Now, it is true that the art in Dominic Deegan has its technical flaws (as does, say, Dilbert), and the pose in question, of a woman on her hands and knees, bleeding from a throat wound, probably would be difficult to achieve in real life. Is this a case of an inability to draw accurate anatomy, or is it a deliberate attempt to show off sexual characteristics of a wounded, dying character?
What if it is the latter? What then? Do fetish elements in a work completely invalidate that work?
What if it is the former? If there is no real intent to sexualize death, what does that say about the people who see it as such?
And that brings me to the other element in furikku/the Sooz' post: a series of pictures purportedly showing how real bodies would drape over things and come to rest.
In movies and TV, when someone portrays a corpse, you can always tell who is there to really act "dead", and who's just there to fill a spot and be in the picture. Being dead isn't as easy as it seems. When you're dead, comfort isn't an issue, and there should be absolutely no muscle tension, so actually lying like a dead body would involve letting gravity pull you into potentially painful positions, and even lying flat on the ground can be uncomfortable if you aren't allowed to shift position and re-distribute your weight every so often. Try it yourself if you don't believe me. Go somewhere and "be dead" for maybe fifteen minutes. Relax, really relax entirely, let your body settle as it will. For extra points, start by falling down as if shot. A limp, dead fall itself is hella uncomfortable, and the way you land doesn't lend itself to an easy recline.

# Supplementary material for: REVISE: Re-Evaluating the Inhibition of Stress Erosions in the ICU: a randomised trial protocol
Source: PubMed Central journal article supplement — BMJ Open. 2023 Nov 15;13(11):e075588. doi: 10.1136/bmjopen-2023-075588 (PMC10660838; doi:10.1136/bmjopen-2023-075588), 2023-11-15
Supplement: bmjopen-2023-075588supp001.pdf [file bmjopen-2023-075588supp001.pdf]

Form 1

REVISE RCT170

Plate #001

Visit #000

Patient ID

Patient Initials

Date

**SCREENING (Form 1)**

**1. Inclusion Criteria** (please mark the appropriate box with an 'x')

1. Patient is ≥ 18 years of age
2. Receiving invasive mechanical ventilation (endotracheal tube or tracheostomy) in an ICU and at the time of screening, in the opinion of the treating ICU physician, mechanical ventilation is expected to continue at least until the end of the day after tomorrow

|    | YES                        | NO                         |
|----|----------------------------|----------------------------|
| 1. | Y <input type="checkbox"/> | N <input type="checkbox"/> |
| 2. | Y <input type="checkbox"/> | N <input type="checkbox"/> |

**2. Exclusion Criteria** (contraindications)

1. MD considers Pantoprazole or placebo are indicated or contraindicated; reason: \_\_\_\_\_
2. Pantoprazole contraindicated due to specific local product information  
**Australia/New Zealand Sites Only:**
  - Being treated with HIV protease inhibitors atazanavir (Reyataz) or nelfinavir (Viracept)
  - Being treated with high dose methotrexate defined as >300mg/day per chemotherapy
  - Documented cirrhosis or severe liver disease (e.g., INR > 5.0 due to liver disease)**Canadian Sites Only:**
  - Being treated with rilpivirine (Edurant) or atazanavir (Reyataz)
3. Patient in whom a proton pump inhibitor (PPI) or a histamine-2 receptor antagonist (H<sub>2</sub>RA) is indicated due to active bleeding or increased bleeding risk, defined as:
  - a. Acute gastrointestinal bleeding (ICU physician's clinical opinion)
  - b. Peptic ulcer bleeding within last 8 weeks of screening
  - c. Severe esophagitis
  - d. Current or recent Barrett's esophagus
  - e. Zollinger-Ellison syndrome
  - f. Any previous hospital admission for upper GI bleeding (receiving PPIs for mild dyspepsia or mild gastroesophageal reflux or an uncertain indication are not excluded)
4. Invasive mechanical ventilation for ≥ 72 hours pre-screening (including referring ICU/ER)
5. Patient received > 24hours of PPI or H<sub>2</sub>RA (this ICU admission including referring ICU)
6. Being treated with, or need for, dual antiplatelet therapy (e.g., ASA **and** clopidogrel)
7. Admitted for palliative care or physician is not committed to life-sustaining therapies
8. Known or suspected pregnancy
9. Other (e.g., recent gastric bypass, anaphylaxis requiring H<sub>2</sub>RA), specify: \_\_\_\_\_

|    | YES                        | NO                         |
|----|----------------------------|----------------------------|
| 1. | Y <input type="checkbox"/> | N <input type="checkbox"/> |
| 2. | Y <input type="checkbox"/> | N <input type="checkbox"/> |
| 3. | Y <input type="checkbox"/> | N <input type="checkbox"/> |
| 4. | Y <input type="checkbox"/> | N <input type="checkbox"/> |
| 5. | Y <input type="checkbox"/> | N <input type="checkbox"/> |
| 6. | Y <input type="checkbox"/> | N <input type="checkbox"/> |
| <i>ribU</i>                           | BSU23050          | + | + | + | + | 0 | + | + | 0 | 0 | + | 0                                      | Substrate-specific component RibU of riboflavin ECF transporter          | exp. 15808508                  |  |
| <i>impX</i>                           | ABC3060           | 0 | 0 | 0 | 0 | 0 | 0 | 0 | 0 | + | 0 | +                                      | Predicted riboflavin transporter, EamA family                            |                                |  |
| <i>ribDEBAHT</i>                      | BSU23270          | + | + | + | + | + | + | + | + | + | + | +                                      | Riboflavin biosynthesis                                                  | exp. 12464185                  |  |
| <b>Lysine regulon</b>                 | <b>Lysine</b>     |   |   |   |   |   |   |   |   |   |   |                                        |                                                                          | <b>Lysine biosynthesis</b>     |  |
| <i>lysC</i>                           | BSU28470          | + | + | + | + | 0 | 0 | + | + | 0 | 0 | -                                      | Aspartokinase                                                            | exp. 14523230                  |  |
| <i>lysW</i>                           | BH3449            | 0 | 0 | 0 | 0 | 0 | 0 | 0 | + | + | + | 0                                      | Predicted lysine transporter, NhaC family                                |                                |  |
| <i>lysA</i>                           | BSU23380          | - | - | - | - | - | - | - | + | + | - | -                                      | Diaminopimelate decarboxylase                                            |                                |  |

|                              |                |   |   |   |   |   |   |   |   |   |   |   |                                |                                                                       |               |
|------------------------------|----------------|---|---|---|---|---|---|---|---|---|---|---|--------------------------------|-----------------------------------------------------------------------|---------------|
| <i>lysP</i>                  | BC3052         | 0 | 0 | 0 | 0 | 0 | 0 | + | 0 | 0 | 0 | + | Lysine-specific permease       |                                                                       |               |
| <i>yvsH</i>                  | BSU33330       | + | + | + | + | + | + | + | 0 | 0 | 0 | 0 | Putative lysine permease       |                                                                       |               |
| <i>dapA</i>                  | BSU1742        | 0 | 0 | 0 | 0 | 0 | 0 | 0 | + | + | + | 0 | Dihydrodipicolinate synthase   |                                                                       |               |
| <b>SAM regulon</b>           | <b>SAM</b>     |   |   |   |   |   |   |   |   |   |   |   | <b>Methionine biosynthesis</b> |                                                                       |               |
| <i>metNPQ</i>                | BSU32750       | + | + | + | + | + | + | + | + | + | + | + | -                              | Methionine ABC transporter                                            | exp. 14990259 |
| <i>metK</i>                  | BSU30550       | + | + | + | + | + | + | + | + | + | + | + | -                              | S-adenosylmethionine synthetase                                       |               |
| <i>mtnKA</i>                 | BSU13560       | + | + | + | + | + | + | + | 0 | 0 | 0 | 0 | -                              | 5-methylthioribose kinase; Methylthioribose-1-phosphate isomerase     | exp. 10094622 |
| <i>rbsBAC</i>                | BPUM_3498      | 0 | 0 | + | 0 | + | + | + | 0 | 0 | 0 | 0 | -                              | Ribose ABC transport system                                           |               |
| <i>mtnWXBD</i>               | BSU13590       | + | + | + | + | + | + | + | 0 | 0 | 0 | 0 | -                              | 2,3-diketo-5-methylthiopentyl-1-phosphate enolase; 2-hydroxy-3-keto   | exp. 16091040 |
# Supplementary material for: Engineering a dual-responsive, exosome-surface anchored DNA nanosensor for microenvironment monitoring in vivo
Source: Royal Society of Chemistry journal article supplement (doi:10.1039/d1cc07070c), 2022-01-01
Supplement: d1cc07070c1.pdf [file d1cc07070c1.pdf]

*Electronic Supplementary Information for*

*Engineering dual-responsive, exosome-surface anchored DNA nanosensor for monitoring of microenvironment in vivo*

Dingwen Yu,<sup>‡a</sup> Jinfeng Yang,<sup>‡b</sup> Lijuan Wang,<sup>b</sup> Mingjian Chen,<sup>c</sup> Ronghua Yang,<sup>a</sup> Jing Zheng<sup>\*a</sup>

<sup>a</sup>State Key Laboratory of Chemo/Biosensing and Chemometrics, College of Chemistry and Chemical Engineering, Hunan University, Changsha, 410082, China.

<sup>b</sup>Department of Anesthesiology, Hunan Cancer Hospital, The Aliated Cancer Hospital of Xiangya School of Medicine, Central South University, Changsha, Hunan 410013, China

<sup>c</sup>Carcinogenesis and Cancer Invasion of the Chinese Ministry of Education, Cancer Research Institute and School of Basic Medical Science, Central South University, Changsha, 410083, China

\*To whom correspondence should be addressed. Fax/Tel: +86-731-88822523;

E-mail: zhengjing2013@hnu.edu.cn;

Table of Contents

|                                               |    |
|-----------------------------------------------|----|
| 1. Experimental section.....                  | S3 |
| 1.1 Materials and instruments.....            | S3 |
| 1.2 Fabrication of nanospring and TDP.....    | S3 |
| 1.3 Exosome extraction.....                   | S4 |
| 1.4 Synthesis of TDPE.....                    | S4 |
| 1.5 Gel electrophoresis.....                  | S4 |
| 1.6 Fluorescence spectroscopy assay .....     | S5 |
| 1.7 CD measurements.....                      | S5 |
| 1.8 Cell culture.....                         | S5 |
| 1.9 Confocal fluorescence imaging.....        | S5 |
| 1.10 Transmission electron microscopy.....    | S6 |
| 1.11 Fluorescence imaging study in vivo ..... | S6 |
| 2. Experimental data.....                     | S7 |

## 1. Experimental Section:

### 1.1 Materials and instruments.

So the people depicted in these pictures get an "A" for effort, but a few of them still aren't as "dead" as really dead people can be. That's not really what I wanted to point out, however.
Consider the second picture from the bottom on that page, featuring a guy tied up in a chair. Not a bad pose for someone to look like they'd been abducted and then killed. Are we trying to fetishize death here?
Sometimes I wish I were an artist, since it'd be far easier to show you than describe it to you, but just imagine, now, if instead of some guy in a wifebeater, tied up in that chair was a woman in lingerie. The exact same pose: rope tied just under the breasts, hips slid forward, legs parted somewhat... can you seriously tell me that wouldn't be considered a picture of eroticized death? But why? If the original is inoffensive in this regard, what makes the second offensive?